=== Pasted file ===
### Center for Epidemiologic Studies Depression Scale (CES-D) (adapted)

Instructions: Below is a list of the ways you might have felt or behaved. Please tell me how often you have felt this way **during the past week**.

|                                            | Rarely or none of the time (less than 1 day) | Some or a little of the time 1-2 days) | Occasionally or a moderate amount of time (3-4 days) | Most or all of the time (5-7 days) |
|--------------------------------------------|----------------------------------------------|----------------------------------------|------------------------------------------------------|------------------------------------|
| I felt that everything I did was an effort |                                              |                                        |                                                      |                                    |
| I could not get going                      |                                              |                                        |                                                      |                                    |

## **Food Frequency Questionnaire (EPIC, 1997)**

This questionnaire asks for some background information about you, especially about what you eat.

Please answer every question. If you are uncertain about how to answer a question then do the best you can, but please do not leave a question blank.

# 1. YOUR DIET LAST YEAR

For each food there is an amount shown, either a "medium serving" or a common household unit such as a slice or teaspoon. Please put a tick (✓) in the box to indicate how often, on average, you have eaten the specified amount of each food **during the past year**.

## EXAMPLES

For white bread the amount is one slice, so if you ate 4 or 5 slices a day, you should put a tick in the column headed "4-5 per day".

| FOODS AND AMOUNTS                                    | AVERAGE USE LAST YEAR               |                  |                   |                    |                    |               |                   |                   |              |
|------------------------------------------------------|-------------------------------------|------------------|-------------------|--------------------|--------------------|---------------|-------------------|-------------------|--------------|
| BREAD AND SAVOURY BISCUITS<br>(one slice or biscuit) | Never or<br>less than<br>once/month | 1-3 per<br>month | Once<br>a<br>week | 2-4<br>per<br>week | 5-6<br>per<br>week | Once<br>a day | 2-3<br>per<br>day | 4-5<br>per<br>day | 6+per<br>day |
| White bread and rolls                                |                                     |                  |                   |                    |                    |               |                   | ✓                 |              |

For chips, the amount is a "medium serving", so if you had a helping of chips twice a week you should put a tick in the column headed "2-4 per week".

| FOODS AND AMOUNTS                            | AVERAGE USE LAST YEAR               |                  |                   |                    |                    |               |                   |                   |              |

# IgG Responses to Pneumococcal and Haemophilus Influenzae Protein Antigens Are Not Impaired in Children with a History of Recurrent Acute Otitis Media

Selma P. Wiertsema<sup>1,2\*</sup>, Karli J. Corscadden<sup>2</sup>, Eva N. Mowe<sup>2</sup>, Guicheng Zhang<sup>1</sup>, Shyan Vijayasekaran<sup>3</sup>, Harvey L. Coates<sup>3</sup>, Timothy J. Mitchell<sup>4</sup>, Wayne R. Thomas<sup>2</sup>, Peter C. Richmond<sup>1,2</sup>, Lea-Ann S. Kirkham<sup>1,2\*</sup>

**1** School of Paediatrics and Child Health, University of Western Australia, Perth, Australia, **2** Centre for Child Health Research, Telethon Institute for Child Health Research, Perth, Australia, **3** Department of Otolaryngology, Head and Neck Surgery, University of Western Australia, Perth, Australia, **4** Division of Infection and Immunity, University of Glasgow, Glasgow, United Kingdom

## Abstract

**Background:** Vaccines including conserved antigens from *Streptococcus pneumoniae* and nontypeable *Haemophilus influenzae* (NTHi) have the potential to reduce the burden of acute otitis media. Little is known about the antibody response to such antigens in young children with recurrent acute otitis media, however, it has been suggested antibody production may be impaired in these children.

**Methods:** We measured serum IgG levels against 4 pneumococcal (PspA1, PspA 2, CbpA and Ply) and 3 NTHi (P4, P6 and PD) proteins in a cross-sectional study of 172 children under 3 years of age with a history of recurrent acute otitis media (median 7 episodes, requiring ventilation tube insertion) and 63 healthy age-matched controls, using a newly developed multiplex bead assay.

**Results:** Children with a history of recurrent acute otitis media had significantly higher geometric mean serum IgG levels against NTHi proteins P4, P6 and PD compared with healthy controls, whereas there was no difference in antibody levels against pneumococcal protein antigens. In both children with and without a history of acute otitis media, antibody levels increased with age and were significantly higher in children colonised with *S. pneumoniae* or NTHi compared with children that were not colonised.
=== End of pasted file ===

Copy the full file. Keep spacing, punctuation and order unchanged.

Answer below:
### Center for Epidemiologic Studies Depression Scale (CES-D) (adapted)

Instructions: Below is a list of the ways you might have felt or behaved. Please tell me how often you have felt this way **during the past week**.

|                                            | Rarely or none of the time (less than 1 day) | Some or a little of the time 1-2 days) | Occasionally or a moderate amount of time (3-4 days) | Most or all of the time (5-7 days) |
|--------------------------------------------|----------------------------------------------|----------------------------------------|------------------------------------------------------|------------------------------------|
| I felt that everything I did was an effort |                                              |                                        |                                                      |                                    |
| I could not get going                      |                                              |                                        |                                                      |                                    |

## **Food Frequency Questionnaire (EPIC, 1997)**

This questionnaire asks for some background information about you, especially about what you eat.

Please answer every question. If you are uncertain about how to answer a question then do the best you can, but please do not leave a question blank.

# 1. YOUR DIET LAST YEAR

For each food there is an amount shown, either a "medium serving" or a common household unit such as a slice or teaspoon. Please put a tick (✓) in the box to indicate how often, on average, you have eaten the specified amount of each food **during the past year**.

## EXAMPLES

For white bread the amount is one slice, so if you ate 4 or 5 slices a day, you should put a tick in the column headed "4-5 per day".

| FOODS AND AMOUNTS                                    | AVERAGE USE LAST YEAR               |                  |                   |                    |                    |               |                   |                   |              |
|------------------------------------------------------|-------------------------------------|------------------|-------------------|--------------------|--------------------|---------------|-------------------|-------------------|--------------|
| BREAD AND SAVOURY BISCUITS<br>(one slice or biscuit) | Never or<br>less than<br>once/month | 1-3 per<br>month | Once<br>a<br>week | 2-4<br>per<br>week | 5-6<br>per<br>week | Once<br>a day | 2-3<br>per<br>day | 4-5<br>per<br>day | 6+per<br>day |
| White bread and rolls                                |                                     |                  |                   |                    |                    |               |                   | ✓                 |              |

For chips, the amount is a "medium serving", so if you had a helping of chips twice a week you should put a tick in the column headed "2-4 per week".

| FOODS AND AMOUNTS                            | AVERAGE USE LAST YEAR               |                  |                   |                    |                    |               |                   |                   |              |

# IgG Responses to Pneumococcal and Haemophilus Influenzae Protein Antigens Are Not Impaired in Children with a History of Recurrent Acute Otitis Media

Selma P. Wiertsema<sup>1,2\*</sup>, Karli J. Corscadden<sup>2</sup>, Eva N. Mowe<sup>2</sup>, Guicheng Zhang<sup>1</sup>, Shyan Vijayasekaran<sup>3</sup>, Harvey L. Coates<sup>3</sup>, Timothy J. Mitchell<sup>4</sup>, Wayne R. Thomas<sup>2</sup>, Peter C. Richmond<sup>1,2</sup>, Lea-Ann S. Kirkham<sup>1,2\*</sup>

**1** School of Paediatrics and Child Health, University of Western Australia, Perth, Australia, **2** Centre for Child Health Research, Telethon Institute for Child Health Research, Perth, Australia, **3** Department of Otolaryngology, Head and Neck Surgery, University of Western Australia, Perth, Australia, **4** Division of Infection and Immunity, University of Glasgow, Glasgow, United Kingdom

## Abstract

**Background:** Vaccines including conserved antigens from *Streptococcus pneumoniae* and nontypeable *Haemophilus influenzae* (NTHi) have the potential to reduce the burden of acute otitis media. Little is known about the antibody response to such antigens in young children with recurrent acute otitis media, however, it has been suggested antibody production may be impaired in these children.

**Methods:** We measured serum IgG levels against 4 pneumococcal (PspA1, PspA 2, CbpA and Ply) and 3 NTHi (P4, P6 and PD) proteins in a cross-sectional study of 172 children under 3 years of age with a history of recurrent acute otitis media (median 7 episodes, requiring ventilation tube insertion) and 63 healthy age-matched controls, using a newly developed multiplex bead assay.

**Results:** Children with a history of recurrent acute otitis media had significantly higher geometric mean serum IgG levels against NTHi proteins P4, P6 and PD compared with healthy controls, whereas there was no difference in antibody levels against pneumococcal protein antigens. In both children with and without a history of acute otitis media, antibody levels increased with age and were significantly higher in children colonised with *S. pneumoniae* or NTHi compared with children that were not colonised.